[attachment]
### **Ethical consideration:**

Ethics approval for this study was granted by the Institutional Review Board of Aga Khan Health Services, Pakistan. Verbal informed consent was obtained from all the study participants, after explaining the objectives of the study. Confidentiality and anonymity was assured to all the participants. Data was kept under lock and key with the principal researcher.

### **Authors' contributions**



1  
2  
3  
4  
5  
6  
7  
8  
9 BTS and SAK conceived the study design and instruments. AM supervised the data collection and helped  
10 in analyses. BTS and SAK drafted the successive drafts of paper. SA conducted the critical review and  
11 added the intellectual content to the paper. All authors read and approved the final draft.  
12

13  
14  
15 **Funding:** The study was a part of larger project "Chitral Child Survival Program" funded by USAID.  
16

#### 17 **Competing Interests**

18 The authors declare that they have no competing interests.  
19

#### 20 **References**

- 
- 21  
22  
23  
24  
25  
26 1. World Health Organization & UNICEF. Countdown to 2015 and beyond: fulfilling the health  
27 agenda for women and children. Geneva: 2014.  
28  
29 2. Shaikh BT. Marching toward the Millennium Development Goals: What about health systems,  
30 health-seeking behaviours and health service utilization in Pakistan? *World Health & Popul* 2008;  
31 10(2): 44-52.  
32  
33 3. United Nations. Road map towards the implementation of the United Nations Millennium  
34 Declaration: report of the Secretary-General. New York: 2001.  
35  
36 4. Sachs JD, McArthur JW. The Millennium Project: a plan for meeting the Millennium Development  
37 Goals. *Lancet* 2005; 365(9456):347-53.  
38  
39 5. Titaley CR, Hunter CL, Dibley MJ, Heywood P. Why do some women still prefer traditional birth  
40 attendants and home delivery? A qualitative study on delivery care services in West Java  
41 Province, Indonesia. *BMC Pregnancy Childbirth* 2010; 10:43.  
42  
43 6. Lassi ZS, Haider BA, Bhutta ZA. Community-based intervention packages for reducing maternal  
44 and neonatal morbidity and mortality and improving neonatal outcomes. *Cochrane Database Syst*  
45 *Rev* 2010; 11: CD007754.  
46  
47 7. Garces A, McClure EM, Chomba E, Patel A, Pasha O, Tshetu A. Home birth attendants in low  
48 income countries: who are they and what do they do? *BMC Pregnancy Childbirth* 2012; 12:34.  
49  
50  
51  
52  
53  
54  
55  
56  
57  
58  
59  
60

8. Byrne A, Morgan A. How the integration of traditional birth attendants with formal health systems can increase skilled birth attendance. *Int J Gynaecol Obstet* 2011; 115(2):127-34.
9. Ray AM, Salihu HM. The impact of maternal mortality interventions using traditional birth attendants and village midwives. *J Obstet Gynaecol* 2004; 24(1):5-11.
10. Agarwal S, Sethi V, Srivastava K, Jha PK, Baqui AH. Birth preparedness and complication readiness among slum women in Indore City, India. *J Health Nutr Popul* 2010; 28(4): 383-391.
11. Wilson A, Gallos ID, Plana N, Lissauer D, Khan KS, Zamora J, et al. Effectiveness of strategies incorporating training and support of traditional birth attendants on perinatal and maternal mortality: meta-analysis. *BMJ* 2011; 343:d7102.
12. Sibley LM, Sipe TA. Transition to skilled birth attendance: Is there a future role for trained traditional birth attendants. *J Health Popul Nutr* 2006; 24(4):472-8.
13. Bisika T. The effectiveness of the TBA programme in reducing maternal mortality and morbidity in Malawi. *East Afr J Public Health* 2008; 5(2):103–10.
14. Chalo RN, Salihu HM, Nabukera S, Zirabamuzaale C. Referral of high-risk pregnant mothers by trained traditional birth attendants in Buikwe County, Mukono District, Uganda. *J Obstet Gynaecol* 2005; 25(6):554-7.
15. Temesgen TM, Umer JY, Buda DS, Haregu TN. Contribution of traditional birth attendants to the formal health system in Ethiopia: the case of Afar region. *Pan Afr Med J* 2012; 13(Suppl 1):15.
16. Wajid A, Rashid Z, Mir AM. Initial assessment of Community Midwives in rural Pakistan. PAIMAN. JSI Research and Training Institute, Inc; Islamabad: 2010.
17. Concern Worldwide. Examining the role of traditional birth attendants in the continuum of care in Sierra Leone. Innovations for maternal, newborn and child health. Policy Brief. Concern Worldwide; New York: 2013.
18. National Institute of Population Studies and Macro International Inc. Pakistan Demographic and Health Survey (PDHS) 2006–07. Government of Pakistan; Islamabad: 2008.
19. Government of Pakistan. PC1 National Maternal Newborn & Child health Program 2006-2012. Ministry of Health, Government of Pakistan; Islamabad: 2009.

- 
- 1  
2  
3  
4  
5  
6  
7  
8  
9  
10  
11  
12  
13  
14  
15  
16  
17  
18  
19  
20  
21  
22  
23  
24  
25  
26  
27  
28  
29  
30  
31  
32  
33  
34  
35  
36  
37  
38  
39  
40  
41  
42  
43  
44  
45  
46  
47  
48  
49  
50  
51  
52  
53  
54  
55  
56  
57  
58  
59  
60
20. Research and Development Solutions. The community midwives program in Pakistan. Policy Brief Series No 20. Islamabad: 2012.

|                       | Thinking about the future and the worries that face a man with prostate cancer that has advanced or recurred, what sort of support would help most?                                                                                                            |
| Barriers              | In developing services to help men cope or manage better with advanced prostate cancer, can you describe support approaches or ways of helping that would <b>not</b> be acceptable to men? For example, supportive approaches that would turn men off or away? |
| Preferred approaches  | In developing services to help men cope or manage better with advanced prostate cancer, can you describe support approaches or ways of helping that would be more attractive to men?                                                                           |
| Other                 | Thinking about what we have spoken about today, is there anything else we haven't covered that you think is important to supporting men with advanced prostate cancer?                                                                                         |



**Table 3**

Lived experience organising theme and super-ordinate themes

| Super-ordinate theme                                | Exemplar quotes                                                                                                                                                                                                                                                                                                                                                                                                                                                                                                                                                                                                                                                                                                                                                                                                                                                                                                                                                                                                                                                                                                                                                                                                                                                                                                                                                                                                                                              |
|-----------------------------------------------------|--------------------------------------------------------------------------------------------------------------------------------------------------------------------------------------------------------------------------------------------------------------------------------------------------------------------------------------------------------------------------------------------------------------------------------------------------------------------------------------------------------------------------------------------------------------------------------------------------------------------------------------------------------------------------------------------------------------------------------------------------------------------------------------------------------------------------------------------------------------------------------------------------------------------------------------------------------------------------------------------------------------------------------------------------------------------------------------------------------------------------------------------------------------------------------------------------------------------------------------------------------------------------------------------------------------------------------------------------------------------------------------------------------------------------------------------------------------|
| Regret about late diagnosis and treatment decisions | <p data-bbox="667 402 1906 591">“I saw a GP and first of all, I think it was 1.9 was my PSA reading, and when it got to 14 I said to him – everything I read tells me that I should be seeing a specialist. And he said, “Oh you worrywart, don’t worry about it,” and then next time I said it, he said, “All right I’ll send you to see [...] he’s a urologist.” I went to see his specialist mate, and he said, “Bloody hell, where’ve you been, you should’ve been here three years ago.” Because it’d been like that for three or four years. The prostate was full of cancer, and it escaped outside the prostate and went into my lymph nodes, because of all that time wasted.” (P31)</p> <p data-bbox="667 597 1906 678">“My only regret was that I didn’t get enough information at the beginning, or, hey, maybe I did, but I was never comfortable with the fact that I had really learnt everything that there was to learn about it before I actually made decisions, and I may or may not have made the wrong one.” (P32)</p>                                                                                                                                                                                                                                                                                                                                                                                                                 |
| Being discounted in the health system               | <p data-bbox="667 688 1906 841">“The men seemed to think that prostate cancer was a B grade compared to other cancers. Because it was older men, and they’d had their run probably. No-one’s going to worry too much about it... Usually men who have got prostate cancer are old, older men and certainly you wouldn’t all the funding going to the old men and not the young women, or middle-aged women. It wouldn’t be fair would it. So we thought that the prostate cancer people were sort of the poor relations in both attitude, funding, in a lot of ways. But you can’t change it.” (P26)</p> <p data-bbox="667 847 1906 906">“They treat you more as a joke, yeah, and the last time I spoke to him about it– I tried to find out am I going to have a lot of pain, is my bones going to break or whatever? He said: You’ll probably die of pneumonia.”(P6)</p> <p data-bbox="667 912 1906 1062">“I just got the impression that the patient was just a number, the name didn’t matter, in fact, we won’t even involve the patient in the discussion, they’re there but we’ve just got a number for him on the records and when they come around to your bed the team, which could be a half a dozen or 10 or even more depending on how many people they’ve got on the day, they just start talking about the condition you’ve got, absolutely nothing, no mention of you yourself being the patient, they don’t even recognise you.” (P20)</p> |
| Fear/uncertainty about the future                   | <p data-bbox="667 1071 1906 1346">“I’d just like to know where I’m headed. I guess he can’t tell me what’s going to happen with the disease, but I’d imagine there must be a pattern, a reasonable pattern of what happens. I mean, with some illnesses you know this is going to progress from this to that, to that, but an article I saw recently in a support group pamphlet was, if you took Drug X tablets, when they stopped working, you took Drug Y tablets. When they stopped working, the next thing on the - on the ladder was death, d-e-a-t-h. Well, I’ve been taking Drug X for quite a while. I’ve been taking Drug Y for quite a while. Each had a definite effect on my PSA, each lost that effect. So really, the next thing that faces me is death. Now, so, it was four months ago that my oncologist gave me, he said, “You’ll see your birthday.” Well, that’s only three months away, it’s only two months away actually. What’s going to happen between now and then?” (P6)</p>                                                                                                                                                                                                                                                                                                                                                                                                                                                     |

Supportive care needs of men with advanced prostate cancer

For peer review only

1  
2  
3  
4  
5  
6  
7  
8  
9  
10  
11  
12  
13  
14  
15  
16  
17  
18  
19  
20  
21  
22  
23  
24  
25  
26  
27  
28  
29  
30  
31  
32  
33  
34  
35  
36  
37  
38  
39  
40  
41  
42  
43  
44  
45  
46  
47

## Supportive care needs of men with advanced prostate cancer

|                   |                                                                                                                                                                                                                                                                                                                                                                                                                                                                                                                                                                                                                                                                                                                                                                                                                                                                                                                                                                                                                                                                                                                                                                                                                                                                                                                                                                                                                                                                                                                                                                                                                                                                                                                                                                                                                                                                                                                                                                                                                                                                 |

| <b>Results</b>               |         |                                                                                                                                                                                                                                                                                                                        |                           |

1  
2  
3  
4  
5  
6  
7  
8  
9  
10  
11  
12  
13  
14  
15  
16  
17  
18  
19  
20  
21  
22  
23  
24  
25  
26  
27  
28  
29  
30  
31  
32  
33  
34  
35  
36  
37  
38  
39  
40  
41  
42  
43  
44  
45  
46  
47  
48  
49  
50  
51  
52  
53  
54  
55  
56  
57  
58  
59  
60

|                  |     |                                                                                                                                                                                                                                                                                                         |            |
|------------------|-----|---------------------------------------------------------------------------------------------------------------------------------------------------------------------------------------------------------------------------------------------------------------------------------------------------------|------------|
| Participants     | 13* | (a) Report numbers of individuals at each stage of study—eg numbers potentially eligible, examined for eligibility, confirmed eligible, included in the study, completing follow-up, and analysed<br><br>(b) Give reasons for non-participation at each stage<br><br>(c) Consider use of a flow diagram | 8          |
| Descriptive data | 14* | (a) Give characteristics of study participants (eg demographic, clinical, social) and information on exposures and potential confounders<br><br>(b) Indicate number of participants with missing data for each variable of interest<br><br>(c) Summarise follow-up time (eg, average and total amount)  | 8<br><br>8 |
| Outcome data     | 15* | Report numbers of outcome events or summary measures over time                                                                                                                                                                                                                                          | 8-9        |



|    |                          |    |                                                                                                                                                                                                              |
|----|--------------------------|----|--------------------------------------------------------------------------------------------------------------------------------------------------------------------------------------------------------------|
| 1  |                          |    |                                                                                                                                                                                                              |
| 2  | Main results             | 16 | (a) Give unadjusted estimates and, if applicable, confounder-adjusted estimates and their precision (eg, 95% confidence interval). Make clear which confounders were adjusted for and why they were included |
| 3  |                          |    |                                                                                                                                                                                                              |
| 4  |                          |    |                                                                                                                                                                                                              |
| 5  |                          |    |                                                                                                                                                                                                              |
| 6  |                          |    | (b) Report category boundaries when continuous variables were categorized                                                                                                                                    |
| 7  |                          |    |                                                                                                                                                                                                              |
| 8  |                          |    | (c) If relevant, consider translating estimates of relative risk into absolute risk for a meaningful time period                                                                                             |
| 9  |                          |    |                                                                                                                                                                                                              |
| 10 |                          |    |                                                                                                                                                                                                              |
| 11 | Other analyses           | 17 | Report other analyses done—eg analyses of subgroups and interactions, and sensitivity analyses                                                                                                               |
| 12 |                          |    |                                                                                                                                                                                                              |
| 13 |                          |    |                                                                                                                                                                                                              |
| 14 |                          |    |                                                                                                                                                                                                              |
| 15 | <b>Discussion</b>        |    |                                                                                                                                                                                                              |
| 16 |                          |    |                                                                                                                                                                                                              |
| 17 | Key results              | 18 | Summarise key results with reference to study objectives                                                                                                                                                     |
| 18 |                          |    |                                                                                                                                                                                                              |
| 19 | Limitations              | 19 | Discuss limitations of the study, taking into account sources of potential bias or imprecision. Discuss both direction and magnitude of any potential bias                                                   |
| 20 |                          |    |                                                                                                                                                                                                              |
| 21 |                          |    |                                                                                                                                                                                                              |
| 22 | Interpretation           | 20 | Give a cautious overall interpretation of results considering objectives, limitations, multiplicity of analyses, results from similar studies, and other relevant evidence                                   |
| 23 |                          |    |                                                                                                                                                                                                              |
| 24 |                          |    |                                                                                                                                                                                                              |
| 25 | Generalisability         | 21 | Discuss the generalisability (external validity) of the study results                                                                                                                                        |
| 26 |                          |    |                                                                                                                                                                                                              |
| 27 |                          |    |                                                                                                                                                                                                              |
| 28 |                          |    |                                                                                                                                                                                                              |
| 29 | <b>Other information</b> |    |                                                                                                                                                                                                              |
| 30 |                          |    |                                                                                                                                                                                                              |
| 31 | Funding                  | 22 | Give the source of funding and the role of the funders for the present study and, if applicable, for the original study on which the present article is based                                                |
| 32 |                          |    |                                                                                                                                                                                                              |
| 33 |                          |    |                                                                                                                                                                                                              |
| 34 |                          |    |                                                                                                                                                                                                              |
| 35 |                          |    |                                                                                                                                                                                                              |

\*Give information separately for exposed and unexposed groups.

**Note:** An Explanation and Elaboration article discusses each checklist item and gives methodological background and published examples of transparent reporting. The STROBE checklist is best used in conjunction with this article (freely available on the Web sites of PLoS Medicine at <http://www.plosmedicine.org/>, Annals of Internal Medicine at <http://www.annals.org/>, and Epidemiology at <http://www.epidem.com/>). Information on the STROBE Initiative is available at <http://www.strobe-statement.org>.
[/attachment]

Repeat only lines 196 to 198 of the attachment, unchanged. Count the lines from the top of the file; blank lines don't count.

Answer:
45  
46  
47